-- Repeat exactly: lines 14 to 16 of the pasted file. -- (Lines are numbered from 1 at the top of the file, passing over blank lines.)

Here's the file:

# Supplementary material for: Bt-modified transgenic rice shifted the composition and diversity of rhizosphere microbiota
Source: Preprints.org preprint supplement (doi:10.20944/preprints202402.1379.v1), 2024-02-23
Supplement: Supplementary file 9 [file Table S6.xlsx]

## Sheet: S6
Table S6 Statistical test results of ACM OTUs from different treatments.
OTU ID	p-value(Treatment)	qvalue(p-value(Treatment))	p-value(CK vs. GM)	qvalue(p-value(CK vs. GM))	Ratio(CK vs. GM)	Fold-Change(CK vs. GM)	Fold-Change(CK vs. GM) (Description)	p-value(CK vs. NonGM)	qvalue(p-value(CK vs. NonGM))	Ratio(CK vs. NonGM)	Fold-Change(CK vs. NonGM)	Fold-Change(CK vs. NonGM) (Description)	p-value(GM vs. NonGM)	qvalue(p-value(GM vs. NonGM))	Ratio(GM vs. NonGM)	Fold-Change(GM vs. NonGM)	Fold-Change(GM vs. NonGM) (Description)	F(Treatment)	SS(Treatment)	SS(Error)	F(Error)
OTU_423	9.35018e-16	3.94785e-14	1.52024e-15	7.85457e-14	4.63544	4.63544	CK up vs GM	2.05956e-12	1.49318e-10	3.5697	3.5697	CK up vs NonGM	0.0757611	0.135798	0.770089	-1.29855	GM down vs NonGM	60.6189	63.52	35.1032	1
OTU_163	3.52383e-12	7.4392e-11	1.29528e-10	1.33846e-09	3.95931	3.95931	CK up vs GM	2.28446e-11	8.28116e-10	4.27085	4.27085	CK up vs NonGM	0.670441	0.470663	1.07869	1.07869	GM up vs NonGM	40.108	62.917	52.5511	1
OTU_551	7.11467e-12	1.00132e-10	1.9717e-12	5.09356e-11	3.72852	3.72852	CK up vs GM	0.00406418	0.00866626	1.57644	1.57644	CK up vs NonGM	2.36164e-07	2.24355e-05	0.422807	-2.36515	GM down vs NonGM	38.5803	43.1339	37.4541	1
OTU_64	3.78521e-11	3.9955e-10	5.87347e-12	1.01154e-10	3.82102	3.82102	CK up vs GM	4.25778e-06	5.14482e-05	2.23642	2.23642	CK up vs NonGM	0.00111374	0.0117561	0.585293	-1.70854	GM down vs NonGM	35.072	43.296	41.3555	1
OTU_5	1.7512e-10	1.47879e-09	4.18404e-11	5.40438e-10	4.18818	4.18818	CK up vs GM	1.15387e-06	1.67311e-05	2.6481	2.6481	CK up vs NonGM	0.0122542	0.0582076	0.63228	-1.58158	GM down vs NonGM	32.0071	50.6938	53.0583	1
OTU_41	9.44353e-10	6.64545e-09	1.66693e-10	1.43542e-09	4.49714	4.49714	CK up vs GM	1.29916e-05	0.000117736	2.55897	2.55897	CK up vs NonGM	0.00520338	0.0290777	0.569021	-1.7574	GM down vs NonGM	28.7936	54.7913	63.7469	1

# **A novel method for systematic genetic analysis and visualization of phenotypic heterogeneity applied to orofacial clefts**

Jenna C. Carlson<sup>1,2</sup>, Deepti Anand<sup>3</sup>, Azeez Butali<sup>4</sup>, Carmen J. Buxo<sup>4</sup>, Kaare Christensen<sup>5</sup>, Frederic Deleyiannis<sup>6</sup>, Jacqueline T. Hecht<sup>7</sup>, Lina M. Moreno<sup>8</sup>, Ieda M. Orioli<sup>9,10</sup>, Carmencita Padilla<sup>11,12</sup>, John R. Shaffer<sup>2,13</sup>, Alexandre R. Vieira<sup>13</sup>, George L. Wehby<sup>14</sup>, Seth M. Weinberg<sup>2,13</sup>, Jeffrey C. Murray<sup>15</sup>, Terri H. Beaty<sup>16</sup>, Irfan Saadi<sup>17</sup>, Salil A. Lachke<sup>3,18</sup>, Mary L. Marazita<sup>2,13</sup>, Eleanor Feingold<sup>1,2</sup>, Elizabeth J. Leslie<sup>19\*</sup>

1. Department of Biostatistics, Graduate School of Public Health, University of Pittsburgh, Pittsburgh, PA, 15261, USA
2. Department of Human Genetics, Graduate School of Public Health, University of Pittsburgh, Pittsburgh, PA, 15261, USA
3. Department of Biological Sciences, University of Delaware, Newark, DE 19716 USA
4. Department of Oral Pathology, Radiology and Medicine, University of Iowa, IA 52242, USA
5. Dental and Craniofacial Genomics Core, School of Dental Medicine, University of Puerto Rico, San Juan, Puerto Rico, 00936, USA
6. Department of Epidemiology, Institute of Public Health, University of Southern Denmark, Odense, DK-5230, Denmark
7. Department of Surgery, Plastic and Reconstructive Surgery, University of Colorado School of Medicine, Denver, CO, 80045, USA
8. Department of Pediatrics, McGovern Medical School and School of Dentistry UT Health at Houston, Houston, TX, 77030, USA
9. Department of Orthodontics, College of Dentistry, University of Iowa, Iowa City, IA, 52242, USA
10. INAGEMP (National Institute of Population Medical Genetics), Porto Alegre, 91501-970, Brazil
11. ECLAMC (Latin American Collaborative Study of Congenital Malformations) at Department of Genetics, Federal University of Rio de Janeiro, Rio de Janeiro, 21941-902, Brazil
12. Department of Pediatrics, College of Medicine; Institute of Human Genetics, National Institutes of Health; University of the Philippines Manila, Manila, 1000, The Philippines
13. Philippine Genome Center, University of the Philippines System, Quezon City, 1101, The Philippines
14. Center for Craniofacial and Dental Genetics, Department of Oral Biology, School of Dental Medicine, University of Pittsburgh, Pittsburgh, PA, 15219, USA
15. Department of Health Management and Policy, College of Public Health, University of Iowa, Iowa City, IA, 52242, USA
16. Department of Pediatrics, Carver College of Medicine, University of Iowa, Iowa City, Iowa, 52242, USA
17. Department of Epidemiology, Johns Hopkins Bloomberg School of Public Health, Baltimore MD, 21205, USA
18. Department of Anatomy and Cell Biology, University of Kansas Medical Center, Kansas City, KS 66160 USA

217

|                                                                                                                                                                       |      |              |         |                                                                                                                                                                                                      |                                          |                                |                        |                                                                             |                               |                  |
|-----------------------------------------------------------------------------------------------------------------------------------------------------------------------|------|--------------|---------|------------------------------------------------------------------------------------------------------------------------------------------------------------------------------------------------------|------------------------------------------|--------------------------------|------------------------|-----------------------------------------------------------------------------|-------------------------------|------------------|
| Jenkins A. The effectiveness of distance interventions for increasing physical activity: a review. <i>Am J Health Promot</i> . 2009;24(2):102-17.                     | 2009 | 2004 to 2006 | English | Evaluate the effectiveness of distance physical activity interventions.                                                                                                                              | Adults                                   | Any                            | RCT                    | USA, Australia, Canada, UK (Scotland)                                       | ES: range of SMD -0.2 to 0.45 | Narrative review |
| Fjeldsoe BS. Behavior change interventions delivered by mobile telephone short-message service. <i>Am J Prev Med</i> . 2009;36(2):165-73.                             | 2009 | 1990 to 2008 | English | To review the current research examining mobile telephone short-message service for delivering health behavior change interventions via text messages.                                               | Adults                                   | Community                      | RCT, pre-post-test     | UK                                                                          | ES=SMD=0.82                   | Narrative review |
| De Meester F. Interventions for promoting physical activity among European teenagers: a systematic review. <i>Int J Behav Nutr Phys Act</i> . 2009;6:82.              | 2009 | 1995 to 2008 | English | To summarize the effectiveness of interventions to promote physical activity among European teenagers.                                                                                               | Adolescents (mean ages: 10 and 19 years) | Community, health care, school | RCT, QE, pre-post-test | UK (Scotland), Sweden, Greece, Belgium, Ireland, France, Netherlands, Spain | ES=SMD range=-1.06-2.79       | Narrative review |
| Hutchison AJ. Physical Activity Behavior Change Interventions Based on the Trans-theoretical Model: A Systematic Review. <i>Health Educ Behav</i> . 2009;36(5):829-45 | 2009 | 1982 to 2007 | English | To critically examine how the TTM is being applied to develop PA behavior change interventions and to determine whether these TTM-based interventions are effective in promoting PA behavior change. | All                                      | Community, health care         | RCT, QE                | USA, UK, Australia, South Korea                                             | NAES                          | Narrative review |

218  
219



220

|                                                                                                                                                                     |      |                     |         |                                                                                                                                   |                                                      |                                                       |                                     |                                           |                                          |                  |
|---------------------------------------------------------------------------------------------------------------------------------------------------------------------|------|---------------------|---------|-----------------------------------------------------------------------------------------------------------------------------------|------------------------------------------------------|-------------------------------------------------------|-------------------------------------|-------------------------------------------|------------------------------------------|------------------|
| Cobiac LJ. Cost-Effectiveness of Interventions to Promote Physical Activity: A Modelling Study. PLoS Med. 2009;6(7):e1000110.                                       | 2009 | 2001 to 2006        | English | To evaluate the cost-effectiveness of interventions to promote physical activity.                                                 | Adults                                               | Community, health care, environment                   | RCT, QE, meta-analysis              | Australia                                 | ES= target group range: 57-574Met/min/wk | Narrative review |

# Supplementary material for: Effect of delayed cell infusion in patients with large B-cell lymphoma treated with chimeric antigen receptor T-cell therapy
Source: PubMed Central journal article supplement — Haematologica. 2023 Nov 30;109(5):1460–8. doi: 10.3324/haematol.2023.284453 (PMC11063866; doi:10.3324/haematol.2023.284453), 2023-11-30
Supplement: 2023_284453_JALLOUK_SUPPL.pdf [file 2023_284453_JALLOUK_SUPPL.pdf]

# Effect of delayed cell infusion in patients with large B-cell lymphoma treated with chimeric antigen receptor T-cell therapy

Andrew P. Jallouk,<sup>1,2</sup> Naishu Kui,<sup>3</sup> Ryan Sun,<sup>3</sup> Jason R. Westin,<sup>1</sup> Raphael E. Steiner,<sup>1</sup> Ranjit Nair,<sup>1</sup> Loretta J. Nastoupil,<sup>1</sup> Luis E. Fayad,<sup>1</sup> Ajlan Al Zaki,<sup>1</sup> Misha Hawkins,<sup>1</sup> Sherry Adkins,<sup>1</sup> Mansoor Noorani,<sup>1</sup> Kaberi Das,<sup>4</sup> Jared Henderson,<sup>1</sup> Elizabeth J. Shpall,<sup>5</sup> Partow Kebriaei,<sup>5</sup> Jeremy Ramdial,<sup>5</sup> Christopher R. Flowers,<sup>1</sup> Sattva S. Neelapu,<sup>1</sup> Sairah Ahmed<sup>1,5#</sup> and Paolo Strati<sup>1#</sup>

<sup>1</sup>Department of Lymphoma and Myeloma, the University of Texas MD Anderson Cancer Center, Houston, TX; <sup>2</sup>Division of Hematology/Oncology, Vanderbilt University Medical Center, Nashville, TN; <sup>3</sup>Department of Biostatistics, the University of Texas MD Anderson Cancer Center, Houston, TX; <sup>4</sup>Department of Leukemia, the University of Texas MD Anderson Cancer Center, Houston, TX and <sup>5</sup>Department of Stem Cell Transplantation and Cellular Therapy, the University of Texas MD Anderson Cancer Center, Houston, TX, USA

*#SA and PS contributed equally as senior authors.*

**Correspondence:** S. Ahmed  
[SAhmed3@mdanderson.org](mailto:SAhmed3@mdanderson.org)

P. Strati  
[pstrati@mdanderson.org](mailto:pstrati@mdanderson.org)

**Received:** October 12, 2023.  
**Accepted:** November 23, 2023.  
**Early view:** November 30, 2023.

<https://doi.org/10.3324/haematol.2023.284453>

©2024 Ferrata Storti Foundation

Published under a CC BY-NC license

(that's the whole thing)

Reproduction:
Jenna C. Carlson<sup>1,2</sup>, Deepti Anand<sup>3</sup>, Azeez Butali<sup>4</sup>, Carmen J. Buxo<sup>4</sup>, Kaare Christensen<sup>5</sup>, Frederic Deleyiannis<sup>6</sup>, Jacqueline T. Hecht<sup>7</sup>, Lina M. Moreno<sup>8</sup>, Ieda M. Orioli<sup>9,10</sup>, Carmencita Padilla<sup>11,12</sup>, John R. Shaffer<sup>2,13</sup>, Alexandre R. Vieira<sup>13</sup>, George L. Wehby<sup>14</sup>, Seth M. Weinberg<sup>2,13</sup>, Jeffrey C. Murray<sup>15</sup>, Terri H. Beaty<sup>16</sup>, Irfan Saadi<sup>17</sup>, Salil A. Lachke<sup>3,18</sup>, Mary L. Marazita<sup>2,13</sup>, Eleanor Feingold<sup>1,2</sup>, Elizabeth J. Leslie<sup>19\*</sup>

1. Department of Biostatistics, Graduate School of Public Health, University of Pittsburgh, Pittsburgh, PA, 15261, USA
2. Department of Human Genetics, Graduate School of Public Health, University of Pittsburgh, Pittsburgh, PA, 15261, USA